Learning to Love Good Books

I know I am not the first to wish you a Happy New Year, although, if you subscribe to this blog and read it promptly, I might be the first to wish you a Happy Tenth Day of Christmas. (Do you see any Lords A-leaping anywhere?) And, if you are like most North Americans, youÕve considered, even if you arenÕt the resolving type, what you might want to do differently in this new year of our Lord. Some of you, IÕd bet, are hoping for deeper spiritual lives, wiser use of time, somehow remaining faithful to God in ways that are fruitful, in your personal and public lives. I hope my occasional book reviews are at least somewhat helpful as we commit ourselves to learn and grow. I need not remind most of my readers that the Christian word disciple means to be a learner.
I usually announce books here, and have avoided linking you to other blogs or articles. But to an article that I wrote, well, that is permissible, isnÕt it? Our good friends at Comment (an opinion journal published by the Work Research Foundation) did a series of essays last fall for college students, at their on-line journal which always features thoughtful, rather serious pieces on how a broad vision of living out Christian principles can impact culture in the slow, hard work of responding to GodÕs call to bring reform to ChristÕs creation. For that batch of articles they asked me to write one about the discipline of reading, the call to love good books, the ways in which busy, post-modern young folks can take up the task of life-long learning by appreciating the printed page.
I must admit IÕm a bit proud of it (not only to be published in such a fabulous series) but because I think what I wrote is a bit unique. Too many bookish types are priggish on popular culture. Some have a philosophical presumption that pits words over images, that blames the lack of reading on TV, that seems, finally, somehow rooted in dualisms that just donÕt seem right to me. So I call for a celebration of electronic culture, an appreciation of the arts, a realization that God has made us as multi-faceted creatures with (therefore) different ways of knowing. I offer hope for a balanced lifestyle even as we insist on the need to read books, love books, buy books, study hard, read widely, for fun and profit. I think it is a pretty important piece and some have told me theyÕve found it helpful. Read Learning to Love Good Books here.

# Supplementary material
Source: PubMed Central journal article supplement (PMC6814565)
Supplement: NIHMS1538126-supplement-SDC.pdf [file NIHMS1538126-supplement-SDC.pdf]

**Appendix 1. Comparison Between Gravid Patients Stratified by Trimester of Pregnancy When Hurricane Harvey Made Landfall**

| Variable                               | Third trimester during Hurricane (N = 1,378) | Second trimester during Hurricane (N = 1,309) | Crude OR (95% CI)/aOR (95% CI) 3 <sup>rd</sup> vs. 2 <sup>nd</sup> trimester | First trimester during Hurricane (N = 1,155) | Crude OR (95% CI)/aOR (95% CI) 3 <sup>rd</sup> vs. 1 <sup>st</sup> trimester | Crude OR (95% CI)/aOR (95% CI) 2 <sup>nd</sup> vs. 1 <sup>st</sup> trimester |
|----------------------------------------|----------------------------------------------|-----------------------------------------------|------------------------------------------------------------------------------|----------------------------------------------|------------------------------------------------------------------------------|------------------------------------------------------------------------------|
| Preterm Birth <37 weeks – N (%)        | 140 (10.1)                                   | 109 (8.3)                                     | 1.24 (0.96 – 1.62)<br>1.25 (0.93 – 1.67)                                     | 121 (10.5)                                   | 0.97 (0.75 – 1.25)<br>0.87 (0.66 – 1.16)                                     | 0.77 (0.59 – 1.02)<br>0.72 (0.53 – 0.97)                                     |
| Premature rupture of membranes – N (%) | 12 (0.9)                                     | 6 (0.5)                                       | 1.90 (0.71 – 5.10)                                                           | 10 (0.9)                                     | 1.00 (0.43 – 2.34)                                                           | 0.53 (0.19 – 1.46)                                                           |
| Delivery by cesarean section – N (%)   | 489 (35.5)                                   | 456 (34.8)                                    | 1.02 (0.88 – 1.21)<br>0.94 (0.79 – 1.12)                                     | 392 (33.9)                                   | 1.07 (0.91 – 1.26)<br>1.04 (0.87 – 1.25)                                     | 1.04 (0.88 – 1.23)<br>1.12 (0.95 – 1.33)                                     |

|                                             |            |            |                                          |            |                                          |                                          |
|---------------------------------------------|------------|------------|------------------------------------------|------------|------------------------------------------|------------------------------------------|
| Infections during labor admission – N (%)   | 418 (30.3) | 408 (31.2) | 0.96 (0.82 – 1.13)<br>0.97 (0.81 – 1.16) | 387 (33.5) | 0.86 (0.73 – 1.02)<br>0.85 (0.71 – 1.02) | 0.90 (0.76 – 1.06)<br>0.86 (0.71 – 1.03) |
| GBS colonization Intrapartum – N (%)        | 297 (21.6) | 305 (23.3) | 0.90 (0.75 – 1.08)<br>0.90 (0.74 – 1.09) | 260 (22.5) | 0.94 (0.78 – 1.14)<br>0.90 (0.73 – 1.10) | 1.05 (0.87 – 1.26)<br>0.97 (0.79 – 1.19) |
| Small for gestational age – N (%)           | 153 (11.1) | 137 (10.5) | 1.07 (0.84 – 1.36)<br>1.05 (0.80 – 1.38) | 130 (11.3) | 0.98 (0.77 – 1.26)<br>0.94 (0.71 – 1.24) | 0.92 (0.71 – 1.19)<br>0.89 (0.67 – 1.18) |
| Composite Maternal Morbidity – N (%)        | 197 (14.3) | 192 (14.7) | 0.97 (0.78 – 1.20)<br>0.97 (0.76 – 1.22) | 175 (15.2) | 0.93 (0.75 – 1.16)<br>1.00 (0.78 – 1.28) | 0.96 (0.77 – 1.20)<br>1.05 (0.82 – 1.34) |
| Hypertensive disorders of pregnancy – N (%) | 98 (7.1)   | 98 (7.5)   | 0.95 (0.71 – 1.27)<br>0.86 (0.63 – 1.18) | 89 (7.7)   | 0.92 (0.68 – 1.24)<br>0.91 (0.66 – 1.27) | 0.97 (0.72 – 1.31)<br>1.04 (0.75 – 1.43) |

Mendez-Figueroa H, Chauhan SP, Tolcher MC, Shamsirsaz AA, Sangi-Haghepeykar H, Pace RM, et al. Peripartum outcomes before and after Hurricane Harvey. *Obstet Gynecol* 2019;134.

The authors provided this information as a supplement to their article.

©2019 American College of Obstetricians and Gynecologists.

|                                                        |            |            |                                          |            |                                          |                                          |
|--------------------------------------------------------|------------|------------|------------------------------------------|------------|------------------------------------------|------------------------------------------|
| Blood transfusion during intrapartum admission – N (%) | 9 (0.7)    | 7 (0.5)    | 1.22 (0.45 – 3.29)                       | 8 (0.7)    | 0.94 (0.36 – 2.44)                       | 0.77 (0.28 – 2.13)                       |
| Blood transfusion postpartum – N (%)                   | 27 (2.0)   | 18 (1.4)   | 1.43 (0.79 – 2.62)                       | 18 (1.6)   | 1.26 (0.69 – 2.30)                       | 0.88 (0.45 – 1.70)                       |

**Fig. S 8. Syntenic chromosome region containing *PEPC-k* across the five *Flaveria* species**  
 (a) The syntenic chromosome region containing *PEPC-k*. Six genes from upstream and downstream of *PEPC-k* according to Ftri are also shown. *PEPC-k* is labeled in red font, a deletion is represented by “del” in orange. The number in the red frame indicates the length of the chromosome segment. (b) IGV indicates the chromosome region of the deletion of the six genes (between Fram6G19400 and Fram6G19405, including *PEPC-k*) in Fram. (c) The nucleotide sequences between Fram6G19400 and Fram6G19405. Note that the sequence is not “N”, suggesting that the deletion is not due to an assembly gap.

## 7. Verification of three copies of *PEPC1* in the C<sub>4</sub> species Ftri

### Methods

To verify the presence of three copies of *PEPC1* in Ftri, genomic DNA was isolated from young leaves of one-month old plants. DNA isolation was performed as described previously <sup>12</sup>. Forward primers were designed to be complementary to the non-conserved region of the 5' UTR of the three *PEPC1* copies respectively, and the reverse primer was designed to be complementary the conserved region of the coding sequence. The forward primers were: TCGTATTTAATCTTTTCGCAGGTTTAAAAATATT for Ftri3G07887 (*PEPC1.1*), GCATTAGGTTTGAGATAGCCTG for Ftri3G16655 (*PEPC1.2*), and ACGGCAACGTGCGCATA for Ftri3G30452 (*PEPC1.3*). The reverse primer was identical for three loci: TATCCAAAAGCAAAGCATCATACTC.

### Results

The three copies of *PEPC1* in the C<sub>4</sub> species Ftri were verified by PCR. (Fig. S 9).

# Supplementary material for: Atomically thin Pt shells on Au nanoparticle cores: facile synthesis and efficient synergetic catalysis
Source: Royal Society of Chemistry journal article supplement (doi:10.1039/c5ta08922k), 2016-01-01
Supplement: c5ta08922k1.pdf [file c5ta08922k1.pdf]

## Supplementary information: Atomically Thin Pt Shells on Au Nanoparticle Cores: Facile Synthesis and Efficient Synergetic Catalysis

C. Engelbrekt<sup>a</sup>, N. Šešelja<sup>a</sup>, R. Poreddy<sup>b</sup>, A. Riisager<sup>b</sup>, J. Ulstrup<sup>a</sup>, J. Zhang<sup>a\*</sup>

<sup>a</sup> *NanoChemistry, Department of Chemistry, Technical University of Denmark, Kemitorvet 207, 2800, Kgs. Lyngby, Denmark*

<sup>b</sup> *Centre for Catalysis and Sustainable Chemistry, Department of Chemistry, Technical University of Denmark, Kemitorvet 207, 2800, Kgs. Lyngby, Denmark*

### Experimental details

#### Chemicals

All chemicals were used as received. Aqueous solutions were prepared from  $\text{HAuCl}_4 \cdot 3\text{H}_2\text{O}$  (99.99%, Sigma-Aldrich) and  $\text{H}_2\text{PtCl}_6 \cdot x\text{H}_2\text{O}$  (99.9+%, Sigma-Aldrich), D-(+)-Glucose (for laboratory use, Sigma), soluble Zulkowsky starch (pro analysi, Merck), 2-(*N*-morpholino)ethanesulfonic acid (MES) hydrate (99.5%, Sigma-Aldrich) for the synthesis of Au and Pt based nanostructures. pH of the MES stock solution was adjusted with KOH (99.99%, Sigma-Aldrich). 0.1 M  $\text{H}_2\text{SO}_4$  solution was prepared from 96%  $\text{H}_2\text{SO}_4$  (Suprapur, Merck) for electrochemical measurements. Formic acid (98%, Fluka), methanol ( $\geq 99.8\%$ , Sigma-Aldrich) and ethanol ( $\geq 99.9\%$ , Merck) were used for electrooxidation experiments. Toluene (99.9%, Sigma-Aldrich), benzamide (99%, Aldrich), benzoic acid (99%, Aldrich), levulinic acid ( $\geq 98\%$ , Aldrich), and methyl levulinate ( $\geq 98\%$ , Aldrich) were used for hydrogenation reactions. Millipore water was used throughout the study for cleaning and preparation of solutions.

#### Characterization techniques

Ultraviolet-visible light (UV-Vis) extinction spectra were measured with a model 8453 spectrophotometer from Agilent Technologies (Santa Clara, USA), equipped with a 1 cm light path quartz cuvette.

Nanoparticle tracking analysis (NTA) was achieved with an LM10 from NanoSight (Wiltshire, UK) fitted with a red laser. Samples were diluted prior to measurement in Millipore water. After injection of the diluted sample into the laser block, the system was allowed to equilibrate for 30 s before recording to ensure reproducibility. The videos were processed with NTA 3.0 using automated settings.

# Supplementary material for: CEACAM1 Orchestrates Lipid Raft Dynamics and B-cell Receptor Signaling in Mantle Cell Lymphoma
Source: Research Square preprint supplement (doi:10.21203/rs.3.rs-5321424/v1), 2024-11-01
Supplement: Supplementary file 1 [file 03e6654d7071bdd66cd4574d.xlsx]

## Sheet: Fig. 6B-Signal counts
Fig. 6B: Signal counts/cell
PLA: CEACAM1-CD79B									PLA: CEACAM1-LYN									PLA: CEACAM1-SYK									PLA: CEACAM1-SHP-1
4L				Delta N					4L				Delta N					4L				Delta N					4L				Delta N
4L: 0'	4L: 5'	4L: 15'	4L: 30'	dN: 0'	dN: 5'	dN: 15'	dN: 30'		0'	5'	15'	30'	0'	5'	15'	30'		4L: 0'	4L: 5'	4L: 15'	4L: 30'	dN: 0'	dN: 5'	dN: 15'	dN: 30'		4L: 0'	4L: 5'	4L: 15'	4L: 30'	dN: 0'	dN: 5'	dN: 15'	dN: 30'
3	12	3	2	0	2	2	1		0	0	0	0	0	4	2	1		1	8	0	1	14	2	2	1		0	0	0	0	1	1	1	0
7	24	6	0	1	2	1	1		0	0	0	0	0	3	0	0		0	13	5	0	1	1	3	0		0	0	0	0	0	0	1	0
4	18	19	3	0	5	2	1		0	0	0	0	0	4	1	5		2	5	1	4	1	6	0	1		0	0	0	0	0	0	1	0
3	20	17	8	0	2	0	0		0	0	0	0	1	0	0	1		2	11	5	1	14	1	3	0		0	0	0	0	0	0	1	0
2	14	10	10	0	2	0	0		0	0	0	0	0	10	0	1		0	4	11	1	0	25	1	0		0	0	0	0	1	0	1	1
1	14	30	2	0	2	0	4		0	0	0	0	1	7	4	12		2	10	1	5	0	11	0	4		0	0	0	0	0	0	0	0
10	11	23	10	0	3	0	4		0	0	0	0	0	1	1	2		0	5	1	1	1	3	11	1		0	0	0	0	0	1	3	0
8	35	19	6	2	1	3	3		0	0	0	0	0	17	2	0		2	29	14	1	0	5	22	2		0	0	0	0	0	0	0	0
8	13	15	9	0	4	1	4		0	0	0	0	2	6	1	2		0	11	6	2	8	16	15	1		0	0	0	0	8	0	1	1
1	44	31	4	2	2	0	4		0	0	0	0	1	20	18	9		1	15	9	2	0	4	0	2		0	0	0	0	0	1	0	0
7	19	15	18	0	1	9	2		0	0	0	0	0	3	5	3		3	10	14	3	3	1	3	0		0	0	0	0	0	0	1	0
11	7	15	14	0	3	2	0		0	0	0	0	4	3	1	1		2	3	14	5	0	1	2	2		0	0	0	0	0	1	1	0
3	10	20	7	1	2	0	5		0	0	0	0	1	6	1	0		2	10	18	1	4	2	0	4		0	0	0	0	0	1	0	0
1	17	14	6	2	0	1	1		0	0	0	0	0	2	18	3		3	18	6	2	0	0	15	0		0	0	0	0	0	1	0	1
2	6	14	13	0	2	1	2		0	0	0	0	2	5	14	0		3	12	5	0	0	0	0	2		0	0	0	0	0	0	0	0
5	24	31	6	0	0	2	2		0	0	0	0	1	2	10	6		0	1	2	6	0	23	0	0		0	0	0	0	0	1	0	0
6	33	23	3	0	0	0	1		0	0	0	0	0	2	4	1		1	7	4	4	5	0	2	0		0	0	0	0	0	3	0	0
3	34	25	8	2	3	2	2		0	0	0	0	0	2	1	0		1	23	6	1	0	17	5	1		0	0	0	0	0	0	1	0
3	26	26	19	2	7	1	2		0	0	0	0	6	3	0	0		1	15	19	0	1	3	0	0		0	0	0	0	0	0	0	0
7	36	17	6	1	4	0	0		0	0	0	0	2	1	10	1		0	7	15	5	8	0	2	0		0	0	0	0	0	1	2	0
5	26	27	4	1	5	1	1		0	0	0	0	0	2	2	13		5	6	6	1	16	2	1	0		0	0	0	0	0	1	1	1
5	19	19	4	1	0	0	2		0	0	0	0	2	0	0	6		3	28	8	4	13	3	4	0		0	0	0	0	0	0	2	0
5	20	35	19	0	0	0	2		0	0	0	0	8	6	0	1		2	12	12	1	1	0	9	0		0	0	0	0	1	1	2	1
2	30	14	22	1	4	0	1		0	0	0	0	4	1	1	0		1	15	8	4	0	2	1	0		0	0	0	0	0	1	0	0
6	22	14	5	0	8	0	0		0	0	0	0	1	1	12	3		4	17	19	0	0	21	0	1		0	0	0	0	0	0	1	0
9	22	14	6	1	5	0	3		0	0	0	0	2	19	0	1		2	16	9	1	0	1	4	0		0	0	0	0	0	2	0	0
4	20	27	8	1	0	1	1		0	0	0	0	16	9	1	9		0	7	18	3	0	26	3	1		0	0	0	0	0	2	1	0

And while your there, feel free read the other essays, too.
Perhaps you will want to read this article to remind you why you love books and why, almost surely, your New YearÕs hopes include making more time to spend between the covers of some well-chosen titles. Or maybe you will want to share it with somebody who doesn’t quite get your passion for authors, bookshops, reviews, and all things bookish.
I announced this earlier, but you may have missed it: the folks at Comment publish a hard (real magazine format) copy each quarter– a Ã’best ofÓ their on-line journal. The one on college life, with my article in it, came out this fall and it is very nice, with articles on learning how and when to talk about faith in college, on learning to evaluate art, on developing important friendships, on studying history. Cal Seerveld has a demanding piece on philosophy, and Jeffry Davis, a creative writing instructor from Wheaton, has a great piece on learning to write well. Gideon StraussÕs spectacular article is called Ã’Asking Big Questions.Ó It is advice not just for collegiates, IÕd say, but for all of us who want to start off the year knowing we are life-long learners, disciples.
Check it out on line and if you like it, please order the hard copy from us here. It sells for $8.00 and is a great resource. Perhaps you could send one to a student you know?